As I have shown in my previous article, we can scientifically establish that the notion of life after death is a very likely one. This is based on the logic that if consciousness can be achieved once it can be achieved multiple times, meaning that even if I die, I could find myself conscious again even though it won’t be me, although it’s a ‘me’ in the way I am me who experiences things. (I’m sounding now like Bill Maher trying to explain the Trinity 😉 )
Do not confuse what I say with the Hindu and Buddhist belief of Reincarnation. Reincarnation is based on Karma where the actions in one life determine what life one lives in the next. It is about spirit or soul that travels through time being born into one life and another after death. The difference is that in Hinduism and Buddhism there is the belief that the spirit or soul is eternal while my idea about regaining consciousness is not a real continuation but about a spontaneous event where some being becomes conscious again and is experienced by something we define as ‘me’ for the lack of a better word.
This ‘me’ is not the same ‘me’ as I or you experience right now but it is completely independent yet experienced in the same way so that one could think about it as a continuation of the same ‘me’.
Why does this notion frighten me?
Because it means that although being in a completely new framework, a new being, a new personality, new memories, I still experience consciousness in the shape of this new ‘me’.
However, although I can give a good logical argument for this type of continuance there are also loopholes in it. Even though it is logically convincing it has a flaw and again it’s down to consciousness.
There’s something about consciousness that cannot be explained by evolution. Imagine a machine, a robot like the Asimo, but much more intelligent, so intelligent that we can have rational and emotional communication with them. We can program a robot to make it say and act in ways that resemble a conscious and self-aware person. Once technology is advanced enough it can be done so convincingly that Asimo might fool most people, maybe even Dawkins if he’s still around.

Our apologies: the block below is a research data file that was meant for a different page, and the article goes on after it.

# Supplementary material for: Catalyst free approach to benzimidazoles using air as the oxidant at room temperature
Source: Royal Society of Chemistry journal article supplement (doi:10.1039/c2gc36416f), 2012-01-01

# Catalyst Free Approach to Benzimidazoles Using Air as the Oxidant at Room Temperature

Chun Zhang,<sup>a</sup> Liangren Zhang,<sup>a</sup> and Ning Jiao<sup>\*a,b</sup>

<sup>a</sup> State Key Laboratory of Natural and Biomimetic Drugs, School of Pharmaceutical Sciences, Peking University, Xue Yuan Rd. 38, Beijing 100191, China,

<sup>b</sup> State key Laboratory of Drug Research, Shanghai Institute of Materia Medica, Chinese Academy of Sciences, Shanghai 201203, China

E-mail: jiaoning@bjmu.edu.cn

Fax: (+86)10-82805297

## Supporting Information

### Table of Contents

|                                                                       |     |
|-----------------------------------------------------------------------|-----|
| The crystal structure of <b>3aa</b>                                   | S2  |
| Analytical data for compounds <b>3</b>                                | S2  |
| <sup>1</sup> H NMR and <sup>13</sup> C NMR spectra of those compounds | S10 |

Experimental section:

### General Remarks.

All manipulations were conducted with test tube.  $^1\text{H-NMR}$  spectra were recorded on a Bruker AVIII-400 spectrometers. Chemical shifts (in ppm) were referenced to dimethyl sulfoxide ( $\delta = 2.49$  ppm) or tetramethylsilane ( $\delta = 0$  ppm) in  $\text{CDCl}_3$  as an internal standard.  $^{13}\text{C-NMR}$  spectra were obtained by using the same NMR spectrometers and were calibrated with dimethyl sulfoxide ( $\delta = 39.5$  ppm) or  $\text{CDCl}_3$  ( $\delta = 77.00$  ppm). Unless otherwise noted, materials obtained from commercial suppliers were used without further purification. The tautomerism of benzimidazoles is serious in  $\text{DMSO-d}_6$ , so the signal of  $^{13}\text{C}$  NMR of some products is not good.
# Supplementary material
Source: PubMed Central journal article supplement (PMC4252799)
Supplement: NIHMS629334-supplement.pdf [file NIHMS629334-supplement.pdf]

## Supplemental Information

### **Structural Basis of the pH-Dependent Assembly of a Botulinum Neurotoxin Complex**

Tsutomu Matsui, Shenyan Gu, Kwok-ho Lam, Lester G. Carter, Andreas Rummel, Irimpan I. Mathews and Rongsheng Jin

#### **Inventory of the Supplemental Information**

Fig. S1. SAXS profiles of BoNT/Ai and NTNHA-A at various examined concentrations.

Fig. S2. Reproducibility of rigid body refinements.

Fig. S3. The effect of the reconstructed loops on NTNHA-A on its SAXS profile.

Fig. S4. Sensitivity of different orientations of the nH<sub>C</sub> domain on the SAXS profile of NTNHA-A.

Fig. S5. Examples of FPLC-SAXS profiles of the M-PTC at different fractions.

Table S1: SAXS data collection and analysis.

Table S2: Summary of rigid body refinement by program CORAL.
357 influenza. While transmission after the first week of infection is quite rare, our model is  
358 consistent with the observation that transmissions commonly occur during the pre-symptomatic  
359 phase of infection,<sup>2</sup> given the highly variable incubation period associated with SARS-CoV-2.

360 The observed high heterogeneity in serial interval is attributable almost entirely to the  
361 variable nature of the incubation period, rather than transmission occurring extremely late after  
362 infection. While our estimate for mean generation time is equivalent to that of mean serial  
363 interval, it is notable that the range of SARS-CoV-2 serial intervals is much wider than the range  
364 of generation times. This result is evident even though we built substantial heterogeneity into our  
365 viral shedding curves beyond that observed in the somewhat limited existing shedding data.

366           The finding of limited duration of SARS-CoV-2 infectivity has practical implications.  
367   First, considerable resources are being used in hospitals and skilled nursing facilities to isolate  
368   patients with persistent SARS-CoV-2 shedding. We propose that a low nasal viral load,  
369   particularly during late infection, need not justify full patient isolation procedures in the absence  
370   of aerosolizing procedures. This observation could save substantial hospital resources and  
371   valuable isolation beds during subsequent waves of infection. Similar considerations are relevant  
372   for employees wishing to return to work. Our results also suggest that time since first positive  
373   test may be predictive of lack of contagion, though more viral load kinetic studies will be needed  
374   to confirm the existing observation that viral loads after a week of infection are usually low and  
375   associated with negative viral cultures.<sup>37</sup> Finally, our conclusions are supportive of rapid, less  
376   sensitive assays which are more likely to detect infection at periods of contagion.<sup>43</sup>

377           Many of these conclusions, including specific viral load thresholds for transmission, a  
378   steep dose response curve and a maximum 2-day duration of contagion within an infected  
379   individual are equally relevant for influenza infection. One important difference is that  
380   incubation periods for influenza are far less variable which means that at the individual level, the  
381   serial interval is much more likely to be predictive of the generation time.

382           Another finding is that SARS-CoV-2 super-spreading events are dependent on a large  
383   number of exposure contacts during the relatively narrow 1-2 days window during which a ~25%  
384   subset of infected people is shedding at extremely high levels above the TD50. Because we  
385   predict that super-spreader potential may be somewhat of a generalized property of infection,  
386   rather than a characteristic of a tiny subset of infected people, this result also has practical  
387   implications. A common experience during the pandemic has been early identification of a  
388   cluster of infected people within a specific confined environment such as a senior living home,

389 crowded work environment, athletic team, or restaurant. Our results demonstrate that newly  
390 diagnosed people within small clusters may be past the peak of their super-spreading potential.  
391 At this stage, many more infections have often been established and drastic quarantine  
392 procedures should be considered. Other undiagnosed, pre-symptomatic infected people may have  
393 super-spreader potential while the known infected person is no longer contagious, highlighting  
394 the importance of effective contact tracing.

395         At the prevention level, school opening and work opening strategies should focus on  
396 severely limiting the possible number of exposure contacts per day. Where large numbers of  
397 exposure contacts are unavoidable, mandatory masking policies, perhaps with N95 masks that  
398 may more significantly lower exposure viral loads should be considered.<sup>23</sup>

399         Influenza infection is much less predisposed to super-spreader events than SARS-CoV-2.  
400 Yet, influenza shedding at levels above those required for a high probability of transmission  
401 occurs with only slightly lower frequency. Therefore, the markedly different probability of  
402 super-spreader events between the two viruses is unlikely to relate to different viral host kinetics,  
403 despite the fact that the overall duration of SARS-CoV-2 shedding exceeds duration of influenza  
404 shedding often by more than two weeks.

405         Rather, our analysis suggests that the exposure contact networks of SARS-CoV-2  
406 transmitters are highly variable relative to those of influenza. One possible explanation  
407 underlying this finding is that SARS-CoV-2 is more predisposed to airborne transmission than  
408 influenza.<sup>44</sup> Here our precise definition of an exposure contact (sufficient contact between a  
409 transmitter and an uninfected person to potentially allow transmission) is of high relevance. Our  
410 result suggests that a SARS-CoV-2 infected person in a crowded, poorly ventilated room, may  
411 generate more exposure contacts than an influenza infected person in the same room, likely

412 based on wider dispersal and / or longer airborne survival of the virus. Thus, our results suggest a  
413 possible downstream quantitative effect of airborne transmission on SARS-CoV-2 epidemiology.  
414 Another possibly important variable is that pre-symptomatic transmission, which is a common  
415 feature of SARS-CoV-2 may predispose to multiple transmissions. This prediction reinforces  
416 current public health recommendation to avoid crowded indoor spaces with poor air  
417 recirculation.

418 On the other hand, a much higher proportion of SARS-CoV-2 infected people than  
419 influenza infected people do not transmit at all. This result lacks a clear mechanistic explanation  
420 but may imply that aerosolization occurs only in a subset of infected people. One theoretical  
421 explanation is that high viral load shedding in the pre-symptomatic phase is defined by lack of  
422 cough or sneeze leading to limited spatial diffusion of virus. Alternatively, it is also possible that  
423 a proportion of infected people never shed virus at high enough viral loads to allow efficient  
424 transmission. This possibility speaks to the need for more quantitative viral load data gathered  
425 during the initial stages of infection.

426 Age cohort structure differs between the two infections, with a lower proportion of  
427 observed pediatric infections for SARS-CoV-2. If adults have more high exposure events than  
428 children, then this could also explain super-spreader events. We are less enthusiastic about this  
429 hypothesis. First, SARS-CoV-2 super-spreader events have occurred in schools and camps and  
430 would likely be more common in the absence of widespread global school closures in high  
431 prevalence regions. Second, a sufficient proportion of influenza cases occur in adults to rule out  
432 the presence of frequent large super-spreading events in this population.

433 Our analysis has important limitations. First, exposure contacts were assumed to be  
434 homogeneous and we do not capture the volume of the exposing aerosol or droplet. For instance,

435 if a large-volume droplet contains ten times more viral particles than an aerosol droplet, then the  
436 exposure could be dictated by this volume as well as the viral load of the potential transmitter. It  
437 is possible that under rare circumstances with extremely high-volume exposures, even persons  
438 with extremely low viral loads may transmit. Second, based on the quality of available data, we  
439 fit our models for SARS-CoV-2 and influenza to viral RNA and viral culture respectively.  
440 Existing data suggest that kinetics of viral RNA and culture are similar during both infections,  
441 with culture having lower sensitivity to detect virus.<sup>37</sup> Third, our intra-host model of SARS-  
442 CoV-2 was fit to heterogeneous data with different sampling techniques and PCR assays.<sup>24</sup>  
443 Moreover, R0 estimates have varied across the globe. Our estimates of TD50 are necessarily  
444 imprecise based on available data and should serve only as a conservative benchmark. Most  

He might even evolve so much that he will be able to replace humankind completely and produce offspring and repopulate the earth, the moon, Mars and the farest reaches of the universe. However, even at the most advanced technological level, will there ever be a point where we could honestly say that Asimo is conscious and self-aware and not simply running very clever AI programs?
Ok, maybe running AI programs is what we humans do, so in a sense we’re just like Asimo, only having arrived at that state via evolution instead of creation.
But maybe consciousness is like a virus. It embeds itself into the physical body and takes over. It adapts to its host and becomes perfectly attached to it stirring and directing it in anywhere it wants. If it’s like that, than consciousness, once it looses it’s host, will move on to find another. Only with a host can it be fully conscious, detached from it’s host it becomes unconscious. How about that for a thought.
Thinking about consciousness, trying to locate and analysing it, can yield fascinating results. In a way one has to step outside oneself and look at the ‘me’ like an independent observer. How does consciousness make us aware that we’re conscious? If it is a physical thing after all, a smart AI evolved through thousands of generations of primeval men, how does it manifest itself and through what? How does it work and most importantly, how does it make us aware?